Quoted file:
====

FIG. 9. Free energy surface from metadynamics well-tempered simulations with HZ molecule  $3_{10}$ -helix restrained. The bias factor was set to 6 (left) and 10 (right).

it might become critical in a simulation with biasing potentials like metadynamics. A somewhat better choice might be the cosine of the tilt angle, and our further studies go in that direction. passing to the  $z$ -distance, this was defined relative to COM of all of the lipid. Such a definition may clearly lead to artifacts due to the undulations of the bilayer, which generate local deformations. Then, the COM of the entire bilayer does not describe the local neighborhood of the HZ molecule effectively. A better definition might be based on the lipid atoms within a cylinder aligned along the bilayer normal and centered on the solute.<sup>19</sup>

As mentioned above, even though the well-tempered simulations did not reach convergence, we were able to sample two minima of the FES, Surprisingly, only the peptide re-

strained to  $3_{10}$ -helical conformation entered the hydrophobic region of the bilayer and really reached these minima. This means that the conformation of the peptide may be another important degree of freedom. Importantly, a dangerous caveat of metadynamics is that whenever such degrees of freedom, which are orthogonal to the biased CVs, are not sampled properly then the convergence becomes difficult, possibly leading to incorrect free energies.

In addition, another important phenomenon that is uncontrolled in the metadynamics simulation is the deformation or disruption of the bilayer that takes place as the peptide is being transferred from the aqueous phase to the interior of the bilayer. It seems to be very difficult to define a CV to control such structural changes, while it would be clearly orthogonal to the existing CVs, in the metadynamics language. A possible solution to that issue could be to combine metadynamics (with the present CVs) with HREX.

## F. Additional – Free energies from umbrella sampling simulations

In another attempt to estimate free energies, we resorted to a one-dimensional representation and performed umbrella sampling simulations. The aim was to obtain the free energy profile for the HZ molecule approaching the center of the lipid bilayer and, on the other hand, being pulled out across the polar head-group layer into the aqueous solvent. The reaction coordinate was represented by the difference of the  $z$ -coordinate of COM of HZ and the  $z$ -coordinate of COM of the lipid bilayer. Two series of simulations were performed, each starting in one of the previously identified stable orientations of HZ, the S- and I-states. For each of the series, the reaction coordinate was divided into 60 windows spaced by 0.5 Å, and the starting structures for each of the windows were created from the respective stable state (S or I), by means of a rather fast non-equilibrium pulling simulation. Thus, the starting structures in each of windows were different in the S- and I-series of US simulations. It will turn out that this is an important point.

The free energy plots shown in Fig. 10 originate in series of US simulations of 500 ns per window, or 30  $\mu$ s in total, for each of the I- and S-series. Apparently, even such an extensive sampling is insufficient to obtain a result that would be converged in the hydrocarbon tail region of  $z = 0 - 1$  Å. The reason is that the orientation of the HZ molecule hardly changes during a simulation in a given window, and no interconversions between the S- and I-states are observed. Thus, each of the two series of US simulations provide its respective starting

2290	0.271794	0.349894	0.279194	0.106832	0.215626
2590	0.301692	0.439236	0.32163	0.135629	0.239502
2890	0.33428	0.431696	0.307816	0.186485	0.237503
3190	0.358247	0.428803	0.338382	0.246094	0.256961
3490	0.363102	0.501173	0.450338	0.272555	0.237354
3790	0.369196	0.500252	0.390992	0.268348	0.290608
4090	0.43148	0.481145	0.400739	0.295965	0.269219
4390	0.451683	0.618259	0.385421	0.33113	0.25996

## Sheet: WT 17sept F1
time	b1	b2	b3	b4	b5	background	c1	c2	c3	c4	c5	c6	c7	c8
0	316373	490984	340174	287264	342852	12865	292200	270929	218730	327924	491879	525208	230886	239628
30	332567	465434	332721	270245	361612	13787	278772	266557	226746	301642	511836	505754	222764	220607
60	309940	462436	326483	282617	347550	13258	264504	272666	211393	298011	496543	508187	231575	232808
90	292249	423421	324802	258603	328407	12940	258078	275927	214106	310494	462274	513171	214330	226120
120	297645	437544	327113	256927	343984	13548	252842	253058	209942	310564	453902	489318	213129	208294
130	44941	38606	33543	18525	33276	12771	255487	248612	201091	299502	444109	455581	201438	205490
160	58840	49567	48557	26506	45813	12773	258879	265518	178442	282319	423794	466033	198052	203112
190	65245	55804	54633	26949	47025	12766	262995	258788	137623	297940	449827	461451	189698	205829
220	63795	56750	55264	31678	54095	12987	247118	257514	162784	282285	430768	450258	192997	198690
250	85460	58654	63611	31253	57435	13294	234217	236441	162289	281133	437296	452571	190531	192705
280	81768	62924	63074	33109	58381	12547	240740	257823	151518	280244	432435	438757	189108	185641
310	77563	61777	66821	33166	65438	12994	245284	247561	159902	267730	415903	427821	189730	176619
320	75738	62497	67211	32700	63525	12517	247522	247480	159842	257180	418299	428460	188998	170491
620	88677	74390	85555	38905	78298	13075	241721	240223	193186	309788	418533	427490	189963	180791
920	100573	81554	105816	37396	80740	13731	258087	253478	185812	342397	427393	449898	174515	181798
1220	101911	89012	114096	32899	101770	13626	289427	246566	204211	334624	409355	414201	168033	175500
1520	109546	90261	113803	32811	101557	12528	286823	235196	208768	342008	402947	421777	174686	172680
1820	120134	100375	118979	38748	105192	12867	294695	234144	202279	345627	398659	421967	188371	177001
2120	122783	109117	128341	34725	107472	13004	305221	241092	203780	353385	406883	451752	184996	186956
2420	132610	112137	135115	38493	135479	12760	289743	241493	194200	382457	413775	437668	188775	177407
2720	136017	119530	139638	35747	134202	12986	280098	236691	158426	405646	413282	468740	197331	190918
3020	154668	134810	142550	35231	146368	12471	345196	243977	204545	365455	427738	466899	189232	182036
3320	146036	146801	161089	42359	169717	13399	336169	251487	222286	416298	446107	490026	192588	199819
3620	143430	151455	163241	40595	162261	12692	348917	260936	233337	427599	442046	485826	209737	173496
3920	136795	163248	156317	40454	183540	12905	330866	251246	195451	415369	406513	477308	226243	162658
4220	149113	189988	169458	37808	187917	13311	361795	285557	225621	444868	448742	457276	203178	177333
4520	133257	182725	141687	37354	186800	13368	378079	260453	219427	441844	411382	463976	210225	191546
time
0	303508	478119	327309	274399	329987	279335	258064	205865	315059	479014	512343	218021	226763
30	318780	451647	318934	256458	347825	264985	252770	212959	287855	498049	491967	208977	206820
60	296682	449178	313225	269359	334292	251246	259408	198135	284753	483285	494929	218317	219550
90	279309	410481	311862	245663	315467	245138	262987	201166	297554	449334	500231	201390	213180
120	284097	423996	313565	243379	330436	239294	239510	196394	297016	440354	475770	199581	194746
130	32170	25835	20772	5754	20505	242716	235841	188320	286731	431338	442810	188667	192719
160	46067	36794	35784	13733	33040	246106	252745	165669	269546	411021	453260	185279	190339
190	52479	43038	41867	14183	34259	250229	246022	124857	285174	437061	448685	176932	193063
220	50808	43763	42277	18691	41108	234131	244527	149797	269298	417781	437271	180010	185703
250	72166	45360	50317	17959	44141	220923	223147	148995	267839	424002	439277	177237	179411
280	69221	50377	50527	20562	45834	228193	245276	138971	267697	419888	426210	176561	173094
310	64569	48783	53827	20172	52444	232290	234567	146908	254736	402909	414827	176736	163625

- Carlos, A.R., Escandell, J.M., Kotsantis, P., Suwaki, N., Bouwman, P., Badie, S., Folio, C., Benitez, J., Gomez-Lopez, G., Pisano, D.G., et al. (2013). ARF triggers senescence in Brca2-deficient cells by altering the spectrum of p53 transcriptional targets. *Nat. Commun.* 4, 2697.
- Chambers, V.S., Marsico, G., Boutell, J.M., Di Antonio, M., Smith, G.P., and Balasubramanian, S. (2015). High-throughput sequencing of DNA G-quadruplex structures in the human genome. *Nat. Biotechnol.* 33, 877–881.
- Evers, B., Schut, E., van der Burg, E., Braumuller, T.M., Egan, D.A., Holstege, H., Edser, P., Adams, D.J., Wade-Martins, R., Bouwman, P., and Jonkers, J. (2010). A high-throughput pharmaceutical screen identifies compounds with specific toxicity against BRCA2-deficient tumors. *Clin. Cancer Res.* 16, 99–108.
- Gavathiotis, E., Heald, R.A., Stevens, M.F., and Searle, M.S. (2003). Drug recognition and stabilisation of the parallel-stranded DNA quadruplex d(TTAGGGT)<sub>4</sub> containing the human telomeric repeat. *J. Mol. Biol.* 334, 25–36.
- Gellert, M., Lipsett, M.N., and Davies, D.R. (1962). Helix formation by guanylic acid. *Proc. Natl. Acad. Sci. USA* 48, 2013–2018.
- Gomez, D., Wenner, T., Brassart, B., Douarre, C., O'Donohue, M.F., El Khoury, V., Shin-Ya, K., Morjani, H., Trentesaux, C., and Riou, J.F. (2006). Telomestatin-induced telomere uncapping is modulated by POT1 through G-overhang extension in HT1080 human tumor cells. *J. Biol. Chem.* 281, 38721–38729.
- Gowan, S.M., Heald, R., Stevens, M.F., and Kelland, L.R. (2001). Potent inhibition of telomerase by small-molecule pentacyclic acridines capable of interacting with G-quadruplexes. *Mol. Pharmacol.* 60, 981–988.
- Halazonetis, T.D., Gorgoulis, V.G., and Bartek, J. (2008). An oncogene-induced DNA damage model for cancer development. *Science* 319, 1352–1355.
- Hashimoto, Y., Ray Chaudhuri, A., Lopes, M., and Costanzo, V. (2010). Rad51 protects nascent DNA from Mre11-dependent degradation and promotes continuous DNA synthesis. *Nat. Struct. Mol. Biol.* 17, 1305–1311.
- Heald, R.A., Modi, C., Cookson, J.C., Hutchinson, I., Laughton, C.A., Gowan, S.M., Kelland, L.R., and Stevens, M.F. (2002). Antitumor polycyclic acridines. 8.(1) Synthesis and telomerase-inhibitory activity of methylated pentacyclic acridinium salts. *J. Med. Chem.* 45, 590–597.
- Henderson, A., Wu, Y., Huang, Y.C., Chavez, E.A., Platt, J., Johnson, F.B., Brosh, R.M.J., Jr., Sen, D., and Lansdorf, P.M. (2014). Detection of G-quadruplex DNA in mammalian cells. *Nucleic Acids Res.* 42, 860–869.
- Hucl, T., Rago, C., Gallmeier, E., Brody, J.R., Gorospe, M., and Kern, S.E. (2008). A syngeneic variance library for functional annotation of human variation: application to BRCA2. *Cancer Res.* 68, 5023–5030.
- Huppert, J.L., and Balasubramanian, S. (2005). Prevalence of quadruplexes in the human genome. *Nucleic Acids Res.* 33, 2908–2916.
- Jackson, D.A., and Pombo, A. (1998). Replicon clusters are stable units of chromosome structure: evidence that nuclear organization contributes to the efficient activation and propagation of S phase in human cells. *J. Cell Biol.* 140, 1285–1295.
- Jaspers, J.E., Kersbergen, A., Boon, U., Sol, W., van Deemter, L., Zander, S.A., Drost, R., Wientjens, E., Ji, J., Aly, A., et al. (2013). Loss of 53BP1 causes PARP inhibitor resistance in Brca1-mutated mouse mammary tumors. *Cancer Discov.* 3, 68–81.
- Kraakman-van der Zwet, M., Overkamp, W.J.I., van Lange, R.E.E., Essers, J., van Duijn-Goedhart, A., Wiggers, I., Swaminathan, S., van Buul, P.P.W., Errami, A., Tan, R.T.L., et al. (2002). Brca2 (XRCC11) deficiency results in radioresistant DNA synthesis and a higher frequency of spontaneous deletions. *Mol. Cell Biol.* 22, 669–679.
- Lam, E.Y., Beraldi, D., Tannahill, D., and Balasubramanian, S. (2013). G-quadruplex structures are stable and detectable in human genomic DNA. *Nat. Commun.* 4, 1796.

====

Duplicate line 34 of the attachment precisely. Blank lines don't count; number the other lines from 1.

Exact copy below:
1220	101911	89012	114096	32899	101770	13626	289427	246566	204211	334624	409355	414201	168033	175500